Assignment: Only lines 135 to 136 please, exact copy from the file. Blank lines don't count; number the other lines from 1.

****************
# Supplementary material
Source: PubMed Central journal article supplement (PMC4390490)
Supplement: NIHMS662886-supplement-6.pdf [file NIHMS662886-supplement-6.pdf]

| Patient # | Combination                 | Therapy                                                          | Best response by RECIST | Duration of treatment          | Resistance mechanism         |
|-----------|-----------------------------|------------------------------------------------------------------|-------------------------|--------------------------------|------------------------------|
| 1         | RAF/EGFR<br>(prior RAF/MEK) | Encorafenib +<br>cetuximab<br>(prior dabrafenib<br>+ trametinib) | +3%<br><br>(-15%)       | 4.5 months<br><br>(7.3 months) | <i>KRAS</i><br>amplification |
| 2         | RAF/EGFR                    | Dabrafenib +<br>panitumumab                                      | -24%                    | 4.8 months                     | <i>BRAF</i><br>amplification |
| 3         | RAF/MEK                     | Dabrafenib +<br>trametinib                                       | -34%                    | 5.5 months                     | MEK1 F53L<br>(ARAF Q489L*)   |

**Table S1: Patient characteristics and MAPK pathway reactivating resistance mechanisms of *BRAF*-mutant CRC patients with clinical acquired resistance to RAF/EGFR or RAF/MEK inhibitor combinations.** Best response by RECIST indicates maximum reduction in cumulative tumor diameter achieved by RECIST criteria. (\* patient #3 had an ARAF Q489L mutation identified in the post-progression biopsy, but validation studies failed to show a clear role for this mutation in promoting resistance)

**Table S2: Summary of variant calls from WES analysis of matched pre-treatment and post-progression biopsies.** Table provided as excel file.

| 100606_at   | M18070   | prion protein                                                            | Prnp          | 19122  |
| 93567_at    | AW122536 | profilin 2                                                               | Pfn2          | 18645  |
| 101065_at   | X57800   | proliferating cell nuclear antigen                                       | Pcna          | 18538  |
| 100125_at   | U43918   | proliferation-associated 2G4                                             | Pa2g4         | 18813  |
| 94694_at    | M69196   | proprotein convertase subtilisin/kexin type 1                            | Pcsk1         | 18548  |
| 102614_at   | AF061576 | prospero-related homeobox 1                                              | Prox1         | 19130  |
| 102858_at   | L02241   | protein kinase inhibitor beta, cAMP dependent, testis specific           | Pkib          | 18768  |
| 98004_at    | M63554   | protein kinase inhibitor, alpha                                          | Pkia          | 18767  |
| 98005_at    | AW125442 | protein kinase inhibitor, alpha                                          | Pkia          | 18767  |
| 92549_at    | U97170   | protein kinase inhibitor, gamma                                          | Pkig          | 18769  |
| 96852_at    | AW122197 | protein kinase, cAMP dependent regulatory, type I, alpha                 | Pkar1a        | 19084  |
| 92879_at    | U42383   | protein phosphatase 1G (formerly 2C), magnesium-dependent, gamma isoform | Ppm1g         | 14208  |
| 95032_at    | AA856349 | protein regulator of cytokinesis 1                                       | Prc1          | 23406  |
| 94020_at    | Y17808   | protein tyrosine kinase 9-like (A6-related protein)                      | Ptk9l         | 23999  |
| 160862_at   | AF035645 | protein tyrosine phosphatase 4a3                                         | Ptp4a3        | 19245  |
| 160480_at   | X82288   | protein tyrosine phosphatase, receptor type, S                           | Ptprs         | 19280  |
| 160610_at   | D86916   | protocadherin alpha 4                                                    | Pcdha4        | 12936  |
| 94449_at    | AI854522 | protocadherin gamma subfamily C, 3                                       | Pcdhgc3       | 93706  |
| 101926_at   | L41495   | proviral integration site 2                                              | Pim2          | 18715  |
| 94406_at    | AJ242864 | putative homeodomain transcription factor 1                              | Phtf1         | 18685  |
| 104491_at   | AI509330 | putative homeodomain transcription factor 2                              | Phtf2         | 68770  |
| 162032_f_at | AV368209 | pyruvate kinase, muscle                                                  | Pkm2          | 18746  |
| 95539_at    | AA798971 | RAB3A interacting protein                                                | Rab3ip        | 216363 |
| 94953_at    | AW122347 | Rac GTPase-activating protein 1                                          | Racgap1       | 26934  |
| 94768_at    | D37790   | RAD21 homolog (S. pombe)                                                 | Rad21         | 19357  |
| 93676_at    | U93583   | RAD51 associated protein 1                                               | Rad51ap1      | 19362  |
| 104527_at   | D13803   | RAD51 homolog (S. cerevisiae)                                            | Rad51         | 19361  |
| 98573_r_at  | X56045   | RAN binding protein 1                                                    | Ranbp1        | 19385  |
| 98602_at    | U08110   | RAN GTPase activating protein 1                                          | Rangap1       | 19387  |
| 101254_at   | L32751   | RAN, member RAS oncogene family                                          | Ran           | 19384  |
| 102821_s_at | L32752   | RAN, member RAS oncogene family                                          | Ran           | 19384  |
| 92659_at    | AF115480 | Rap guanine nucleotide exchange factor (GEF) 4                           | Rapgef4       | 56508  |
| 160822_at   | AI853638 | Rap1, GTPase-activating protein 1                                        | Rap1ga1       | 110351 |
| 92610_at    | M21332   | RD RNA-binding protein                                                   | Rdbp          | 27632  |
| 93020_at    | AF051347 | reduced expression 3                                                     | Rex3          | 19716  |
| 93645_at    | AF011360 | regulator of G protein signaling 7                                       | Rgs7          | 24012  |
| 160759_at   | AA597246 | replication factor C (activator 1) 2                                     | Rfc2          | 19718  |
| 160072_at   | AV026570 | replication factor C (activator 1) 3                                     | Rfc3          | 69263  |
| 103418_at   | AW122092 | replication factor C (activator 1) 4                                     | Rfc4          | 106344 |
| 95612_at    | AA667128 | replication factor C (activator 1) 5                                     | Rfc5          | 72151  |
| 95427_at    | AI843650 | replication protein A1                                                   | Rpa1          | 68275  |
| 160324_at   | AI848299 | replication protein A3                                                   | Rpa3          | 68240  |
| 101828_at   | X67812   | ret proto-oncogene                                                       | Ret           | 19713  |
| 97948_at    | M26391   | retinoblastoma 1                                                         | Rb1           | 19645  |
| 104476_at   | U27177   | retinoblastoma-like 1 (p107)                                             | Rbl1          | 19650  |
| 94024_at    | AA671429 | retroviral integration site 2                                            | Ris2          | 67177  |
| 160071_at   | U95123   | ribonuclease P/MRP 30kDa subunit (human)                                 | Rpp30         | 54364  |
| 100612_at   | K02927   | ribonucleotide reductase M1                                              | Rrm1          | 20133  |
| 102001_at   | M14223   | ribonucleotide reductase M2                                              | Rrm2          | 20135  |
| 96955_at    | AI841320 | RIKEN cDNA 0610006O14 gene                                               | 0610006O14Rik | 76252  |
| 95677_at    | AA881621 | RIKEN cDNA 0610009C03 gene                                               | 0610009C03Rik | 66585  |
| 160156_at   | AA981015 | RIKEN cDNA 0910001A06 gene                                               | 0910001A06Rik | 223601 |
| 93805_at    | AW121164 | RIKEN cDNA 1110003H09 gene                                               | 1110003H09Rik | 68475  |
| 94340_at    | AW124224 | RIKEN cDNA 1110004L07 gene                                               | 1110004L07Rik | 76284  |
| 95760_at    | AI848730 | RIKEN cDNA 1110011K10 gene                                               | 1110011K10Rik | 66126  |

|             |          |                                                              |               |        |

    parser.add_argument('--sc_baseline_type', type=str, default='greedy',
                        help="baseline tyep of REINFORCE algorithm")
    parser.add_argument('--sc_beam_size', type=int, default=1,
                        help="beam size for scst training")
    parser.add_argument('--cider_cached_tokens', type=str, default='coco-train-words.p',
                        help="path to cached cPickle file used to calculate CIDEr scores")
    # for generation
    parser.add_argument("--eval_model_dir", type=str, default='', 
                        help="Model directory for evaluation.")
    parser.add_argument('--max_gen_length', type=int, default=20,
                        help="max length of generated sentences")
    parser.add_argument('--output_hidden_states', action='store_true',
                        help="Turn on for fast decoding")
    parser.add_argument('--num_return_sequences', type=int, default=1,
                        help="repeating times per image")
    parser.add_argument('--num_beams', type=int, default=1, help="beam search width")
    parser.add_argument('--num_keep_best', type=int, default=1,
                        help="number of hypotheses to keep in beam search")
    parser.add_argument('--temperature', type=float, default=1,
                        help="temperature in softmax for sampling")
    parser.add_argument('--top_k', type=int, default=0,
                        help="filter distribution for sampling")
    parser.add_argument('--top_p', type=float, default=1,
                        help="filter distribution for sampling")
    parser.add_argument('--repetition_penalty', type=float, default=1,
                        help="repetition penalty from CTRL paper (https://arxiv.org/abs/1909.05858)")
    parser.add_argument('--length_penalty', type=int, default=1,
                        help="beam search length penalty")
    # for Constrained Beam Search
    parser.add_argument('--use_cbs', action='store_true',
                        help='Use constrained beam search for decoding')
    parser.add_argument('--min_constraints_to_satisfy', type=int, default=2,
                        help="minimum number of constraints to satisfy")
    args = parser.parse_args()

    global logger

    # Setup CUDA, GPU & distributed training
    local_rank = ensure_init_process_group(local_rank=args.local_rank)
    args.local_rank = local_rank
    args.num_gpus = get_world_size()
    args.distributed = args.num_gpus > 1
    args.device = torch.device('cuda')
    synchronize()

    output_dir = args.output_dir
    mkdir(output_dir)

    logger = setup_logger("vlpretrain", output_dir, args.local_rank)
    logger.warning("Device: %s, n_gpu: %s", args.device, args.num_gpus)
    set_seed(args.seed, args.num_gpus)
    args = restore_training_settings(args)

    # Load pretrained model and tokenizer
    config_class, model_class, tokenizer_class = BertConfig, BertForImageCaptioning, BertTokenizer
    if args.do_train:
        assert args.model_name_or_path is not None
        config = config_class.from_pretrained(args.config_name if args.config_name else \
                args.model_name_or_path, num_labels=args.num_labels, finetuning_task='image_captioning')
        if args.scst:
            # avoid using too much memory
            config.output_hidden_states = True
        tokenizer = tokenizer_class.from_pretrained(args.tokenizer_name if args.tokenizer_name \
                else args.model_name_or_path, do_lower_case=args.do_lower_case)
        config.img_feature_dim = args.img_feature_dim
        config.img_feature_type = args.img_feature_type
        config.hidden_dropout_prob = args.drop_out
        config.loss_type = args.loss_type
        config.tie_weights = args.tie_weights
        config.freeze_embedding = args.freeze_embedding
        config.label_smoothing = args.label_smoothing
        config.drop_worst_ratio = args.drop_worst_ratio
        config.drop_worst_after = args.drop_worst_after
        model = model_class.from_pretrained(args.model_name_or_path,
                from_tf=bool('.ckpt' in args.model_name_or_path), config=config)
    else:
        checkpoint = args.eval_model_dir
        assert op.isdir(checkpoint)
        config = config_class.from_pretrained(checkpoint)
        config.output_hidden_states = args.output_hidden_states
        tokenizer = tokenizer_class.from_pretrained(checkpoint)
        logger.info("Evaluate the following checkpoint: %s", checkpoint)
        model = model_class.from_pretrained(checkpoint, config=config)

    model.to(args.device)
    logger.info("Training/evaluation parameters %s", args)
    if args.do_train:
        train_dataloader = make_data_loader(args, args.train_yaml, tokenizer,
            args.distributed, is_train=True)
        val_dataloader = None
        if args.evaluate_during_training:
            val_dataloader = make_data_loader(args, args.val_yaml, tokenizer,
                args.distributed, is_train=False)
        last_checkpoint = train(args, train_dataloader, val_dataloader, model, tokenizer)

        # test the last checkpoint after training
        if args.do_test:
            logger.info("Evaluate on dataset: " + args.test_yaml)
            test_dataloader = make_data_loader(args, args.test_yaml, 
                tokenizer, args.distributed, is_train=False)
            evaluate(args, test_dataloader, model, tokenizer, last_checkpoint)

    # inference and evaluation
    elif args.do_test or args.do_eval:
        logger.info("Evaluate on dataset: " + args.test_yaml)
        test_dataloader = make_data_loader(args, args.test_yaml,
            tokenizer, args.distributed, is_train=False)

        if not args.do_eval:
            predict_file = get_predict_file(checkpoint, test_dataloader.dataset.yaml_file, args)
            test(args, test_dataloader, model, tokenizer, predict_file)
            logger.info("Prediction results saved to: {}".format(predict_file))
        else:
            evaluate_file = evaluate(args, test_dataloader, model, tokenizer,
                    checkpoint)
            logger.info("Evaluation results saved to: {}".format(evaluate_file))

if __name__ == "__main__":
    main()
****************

        model = model_class.from_pretrained(args.model_name_or_path,
                from_tf=bool('.ckpt' in args.model_name_or_path), config=config)